Saudi Arabia was mostly immune to the unrest across the Middle East this year -- save sending troops to quell protests in Bahrain and paying off its own citizens with hundreds of billions of dollars -- but a clever protest movement by Saudi women to advocate for the right to drive was one exception. The headline for Cameron Abadi's hilarious piece on the ridiculous arguments against allowing them behind the wheel basically wrote itself.
How can you go wrong with a picture of Sharon Stone and a glazed-over ex-Soviet premier? Anne Applebaum's portrait of Gorbachev as B-list celebrity just sealed the deal.
It's not only Hollywood starlets in slinky dresses who make the cover of FP. Joanna Kakissis's portrait of the feisty 62-year-old grandmother encapsulated the Greek austerity protests this summer. And we all got a bit excited about Louk, the sausage-shaped, tear-gas-immune riot dog, who seemed to have more fun protesting than anyone.
This one was all about color -- showcasing the wild, almost DayGlo, cheery propaganda art from the China of the 1970s, which contrasted with the grim reality of rural life in the country at that time.
We admit it: FP channeled the New York Post on this one.
Alanna Shaikh sure didn't pull any punches in her pointed article on why the CIA's fake vaccination plan to get Osama bin Laden's DNA will result in the deaths of thousands of Pakistani children. But FP's editors did -- the first pass at this headline was even sharper.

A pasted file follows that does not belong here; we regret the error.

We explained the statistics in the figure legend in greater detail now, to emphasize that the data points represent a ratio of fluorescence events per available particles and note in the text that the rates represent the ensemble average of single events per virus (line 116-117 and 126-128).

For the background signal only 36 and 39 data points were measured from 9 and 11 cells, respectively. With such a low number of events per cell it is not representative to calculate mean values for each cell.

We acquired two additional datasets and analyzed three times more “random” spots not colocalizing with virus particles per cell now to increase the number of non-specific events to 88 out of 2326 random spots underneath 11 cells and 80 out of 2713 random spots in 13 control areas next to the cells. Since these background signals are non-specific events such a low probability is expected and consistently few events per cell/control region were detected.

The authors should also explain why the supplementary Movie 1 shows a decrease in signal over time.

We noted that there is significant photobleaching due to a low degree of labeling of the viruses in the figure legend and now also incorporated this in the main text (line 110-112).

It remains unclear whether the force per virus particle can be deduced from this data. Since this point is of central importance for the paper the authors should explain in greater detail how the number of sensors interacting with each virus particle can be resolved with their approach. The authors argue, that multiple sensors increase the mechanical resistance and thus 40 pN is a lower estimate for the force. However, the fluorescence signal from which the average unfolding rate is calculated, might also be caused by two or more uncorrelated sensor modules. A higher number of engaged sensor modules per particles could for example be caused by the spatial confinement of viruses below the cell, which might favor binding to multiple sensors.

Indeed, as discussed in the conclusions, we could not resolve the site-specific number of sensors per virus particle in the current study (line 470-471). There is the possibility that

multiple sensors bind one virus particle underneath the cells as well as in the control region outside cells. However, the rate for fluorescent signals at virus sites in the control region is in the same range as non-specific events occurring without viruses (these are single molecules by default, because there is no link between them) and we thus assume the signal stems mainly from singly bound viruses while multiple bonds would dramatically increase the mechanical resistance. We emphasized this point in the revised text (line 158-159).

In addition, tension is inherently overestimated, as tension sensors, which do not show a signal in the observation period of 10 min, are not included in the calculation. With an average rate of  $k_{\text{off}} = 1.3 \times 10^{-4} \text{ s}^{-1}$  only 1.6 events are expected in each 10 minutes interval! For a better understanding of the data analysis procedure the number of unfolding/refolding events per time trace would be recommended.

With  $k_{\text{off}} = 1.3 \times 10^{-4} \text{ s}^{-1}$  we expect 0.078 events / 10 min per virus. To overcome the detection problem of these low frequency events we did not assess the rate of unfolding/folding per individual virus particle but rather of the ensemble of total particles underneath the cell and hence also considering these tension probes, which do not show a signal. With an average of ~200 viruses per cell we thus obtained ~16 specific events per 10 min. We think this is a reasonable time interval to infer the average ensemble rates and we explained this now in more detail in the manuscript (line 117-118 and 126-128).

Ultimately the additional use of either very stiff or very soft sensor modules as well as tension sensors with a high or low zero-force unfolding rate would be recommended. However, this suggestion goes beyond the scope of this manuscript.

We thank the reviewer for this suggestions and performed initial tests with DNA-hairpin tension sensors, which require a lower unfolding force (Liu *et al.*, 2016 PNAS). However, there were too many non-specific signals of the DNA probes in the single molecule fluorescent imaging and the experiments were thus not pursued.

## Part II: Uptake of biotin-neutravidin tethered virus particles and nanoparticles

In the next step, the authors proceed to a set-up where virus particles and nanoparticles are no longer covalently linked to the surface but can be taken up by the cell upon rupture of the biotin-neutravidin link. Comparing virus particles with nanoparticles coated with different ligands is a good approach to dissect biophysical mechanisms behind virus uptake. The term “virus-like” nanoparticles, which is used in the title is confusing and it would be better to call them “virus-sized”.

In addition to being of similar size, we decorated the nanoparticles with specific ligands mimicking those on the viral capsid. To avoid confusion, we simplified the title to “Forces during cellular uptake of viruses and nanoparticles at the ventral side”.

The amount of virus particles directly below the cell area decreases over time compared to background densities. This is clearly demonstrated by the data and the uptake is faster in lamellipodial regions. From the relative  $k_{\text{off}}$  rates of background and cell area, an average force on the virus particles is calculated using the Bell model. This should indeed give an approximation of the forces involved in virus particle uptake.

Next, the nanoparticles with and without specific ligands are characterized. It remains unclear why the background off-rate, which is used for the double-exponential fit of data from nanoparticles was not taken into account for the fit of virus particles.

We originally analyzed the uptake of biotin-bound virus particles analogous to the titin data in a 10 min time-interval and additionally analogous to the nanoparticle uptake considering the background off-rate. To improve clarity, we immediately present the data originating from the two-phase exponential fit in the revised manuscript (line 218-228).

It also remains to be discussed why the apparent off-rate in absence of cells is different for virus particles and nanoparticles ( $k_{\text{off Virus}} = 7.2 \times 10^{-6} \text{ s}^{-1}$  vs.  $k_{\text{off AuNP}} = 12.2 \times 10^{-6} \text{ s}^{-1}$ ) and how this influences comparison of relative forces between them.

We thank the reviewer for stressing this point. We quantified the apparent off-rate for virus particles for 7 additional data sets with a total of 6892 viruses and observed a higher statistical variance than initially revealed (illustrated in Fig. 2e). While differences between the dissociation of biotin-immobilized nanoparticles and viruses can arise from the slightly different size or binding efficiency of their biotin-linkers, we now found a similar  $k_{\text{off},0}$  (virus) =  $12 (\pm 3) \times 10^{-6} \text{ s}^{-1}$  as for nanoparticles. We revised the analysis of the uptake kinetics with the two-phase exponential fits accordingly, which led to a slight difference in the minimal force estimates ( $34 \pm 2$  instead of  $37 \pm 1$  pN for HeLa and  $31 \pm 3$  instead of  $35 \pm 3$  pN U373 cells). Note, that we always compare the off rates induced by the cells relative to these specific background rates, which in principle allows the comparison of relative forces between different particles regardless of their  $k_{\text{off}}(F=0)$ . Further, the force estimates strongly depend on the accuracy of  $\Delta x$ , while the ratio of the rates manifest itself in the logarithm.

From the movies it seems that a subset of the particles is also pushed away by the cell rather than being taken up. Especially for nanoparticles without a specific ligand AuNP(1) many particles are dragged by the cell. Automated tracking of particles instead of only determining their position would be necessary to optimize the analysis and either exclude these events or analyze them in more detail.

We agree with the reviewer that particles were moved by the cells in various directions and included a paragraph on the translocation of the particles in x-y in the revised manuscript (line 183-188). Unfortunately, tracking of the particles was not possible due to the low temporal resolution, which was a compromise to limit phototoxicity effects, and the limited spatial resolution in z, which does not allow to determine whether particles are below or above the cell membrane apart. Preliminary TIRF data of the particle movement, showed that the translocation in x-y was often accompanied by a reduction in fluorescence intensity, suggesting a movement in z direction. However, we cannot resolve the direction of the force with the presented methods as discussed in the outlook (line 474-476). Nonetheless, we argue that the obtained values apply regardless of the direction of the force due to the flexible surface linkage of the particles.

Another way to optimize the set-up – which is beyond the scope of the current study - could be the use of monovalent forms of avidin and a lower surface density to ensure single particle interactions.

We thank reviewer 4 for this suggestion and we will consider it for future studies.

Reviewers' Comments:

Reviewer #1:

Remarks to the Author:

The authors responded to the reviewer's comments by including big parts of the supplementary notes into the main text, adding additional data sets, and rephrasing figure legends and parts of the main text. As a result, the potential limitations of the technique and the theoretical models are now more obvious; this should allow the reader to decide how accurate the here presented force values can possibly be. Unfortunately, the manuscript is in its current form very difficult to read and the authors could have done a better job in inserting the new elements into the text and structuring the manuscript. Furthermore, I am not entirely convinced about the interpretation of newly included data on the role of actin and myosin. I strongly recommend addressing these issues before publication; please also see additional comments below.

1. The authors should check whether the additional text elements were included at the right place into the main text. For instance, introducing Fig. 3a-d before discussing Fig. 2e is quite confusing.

Is there a lamer superhero than Captain Euro? As the Captain America movie juggernaut rolled into cinemas this summer, we found a few other half-baked avengers of national identity. Johnny Canuck, anyone?
With an item as cool as this retro-futuristic Soviet-era vacuum, we just kept it clean for this cover.
This extraordinary image of Palestinian day laborers making their way across the border into Israel in search of low-paying construction jobs highlighted the barren opportunities for those caught on the wrong side of the tracks.
Roger Gastman's guided tour through the graffiti that adorned the walls of the Arab Spring took readers from the streets of Tripoli to the shattered houses of Tunisia's dictator.